Lisa Rivers, Senior Litigation Solicitor, reviews the recent decision of the Supreme Court in the case of Barton v Wright Hassall LLP
What was the issue before the Supreme Court?
The Supreme Court was asked to clarify issues surrounding the service of Court documents by email. The Civil Procedure Rules (which govern the conduct of legal proceedings in this country) provide that documents may only be served by email if the other party’s solicitors have previously indicated that they are willing to accept service of documents by email (see paragraph 4.1 of Practice Direction 6A ).
The question for the Supreme Court in this case was whether service of a claim form by email could be effective when no express permission had been given to do so, in circumstances where:
• the parties had previously been corresponding by email;
• the claimant was not represented by a solicitor (a “litigant in person”);
• the claim had been brought to the other parties’ attention within the required time (within four months of the date it was issued at Court); and
• any fresh action by the claimant would be statute-barred due to the time elapsed since his claim arose.
What were the facts in this case?
In pre-action correspondence, the other party’s solicitors had said (by email) that they would “await” Mr Barton’s claim against their client, although had stopped short of expressly saying they would accept service of the claim by email. Mr Barton issued his claim at Court and then waited until the last possible day of the four months to serve it, when he attempted to do so by email. Shortly after the deadline had passed, the solicitors replied to Mr Barton saying that they did not accept service by email. As such the claim had been rejected and had consequently now expired.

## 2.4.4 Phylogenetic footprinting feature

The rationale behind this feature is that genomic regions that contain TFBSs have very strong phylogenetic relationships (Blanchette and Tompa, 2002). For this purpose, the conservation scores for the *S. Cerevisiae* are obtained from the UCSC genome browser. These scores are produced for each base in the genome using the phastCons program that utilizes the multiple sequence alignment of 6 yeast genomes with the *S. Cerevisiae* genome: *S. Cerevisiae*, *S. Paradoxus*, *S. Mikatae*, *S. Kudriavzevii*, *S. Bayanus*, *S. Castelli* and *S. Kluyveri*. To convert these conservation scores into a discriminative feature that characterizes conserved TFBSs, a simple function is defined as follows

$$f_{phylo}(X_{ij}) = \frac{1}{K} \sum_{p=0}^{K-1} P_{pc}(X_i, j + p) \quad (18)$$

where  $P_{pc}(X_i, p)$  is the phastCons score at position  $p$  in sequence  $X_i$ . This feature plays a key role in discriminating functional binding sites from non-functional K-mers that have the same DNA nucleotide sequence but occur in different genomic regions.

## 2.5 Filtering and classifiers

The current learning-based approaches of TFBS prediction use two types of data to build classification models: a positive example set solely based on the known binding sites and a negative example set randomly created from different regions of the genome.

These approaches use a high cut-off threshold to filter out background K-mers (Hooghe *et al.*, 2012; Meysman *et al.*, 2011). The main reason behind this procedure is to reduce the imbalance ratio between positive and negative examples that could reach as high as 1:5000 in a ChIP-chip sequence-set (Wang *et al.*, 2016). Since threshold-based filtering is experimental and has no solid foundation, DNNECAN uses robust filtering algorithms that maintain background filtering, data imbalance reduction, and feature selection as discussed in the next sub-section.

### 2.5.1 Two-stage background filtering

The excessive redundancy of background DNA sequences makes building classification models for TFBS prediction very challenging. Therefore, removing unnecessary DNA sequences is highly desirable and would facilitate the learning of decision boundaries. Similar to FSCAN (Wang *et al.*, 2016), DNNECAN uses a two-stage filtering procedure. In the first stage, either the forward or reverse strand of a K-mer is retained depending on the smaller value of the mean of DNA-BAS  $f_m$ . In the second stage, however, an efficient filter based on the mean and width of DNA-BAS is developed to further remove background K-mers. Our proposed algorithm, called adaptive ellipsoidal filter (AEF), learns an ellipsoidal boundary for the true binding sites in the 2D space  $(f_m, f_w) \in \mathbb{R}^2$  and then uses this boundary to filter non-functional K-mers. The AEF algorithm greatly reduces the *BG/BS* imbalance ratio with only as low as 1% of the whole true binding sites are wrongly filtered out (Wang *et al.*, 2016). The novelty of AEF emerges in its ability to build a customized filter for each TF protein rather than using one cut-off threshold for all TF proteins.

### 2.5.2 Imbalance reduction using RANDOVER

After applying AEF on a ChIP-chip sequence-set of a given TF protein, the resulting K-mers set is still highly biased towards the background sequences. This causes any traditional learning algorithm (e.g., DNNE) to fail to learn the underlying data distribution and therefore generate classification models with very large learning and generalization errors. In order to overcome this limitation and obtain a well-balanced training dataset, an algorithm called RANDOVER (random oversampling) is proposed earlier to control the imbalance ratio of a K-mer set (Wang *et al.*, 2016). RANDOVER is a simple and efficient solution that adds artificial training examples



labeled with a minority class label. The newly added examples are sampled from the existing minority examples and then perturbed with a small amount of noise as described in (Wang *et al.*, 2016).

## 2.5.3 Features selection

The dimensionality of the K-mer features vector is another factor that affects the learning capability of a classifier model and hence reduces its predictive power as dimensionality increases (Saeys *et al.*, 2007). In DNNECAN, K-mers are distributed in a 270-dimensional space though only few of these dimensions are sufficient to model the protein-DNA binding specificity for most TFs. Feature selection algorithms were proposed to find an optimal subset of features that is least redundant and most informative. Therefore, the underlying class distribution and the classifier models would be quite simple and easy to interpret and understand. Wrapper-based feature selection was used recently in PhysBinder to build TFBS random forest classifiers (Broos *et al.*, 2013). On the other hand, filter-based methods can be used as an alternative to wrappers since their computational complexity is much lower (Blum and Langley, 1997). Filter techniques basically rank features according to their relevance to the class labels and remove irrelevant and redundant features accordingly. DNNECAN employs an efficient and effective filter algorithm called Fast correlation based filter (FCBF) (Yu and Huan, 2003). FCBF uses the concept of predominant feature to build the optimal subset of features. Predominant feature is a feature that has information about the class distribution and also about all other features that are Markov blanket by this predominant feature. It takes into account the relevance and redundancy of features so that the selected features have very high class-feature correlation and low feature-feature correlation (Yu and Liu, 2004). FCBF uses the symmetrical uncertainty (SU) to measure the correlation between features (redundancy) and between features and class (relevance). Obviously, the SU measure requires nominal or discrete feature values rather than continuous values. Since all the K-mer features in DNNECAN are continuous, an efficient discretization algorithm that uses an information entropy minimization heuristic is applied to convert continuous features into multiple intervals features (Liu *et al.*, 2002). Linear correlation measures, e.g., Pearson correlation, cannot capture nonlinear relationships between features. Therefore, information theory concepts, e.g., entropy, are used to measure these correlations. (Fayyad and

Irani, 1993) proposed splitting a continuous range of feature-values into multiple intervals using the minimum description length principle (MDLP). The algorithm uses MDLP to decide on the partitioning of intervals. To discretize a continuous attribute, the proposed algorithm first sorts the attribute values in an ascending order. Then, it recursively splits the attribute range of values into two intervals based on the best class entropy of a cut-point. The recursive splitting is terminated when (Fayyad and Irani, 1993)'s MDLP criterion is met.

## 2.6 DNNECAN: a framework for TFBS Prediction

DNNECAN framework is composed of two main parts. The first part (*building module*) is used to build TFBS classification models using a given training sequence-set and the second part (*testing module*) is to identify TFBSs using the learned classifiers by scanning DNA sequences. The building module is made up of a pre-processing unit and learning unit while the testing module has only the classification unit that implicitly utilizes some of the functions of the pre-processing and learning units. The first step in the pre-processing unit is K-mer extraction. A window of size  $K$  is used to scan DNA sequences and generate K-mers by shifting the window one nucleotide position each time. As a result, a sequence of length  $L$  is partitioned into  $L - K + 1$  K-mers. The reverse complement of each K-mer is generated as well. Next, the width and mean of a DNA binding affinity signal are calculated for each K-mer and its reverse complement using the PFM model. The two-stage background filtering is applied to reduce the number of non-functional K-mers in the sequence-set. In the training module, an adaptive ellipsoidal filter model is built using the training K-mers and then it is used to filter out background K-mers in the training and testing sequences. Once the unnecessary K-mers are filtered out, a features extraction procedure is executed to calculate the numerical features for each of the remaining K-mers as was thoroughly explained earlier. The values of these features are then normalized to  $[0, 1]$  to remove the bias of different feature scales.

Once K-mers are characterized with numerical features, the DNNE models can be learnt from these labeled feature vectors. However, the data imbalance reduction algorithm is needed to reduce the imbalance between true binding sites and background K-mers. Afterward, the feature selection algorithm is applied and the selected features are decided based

Mr Barton therefore sought an order from the Court that service of the claim had been validly effected. He lost his case in the County Court and subsequently the Court of Appeal. However, he succeeded in obtaining permission to appeal to the Supreme Court as to the question of whether service could be retrospectively validated under the circumstances.
What did the Supreme Court decide?
Disappointingly for Mr Barton, the Supreme Court agreed with the lower courts by a majority of 3-2 that his attempt to serve the claim by email could NOT be retrospectively validated. It was not enough that the solicitors had previously corresponded by email, or that the claim had been brought to the solicitors’ attention within the required time. Neither was it a valid excuse that Mr Barton was acting for himself. The rules were the rules, they were easy enough to locate and understand, and there would be no special allowances for a litigant in person. As a result, Mr Barton was barred from ever bringing his claim.
For more details, see the Supreme Court website.
This case stands as a clear warning to litigants in person that the Courts have little tolerance for breaches of the Rules, and that it is essential to comply even if you are not legally represented. If you are in doubt as to your claim, how to serve documents, or as to the interpretation of any other of the numerous Civil Procedure Rules, please do not hesitate to contact our team of litigation experts today for bespoke advice. Taking professional advice at an early stage may well pay dividends in the long run.
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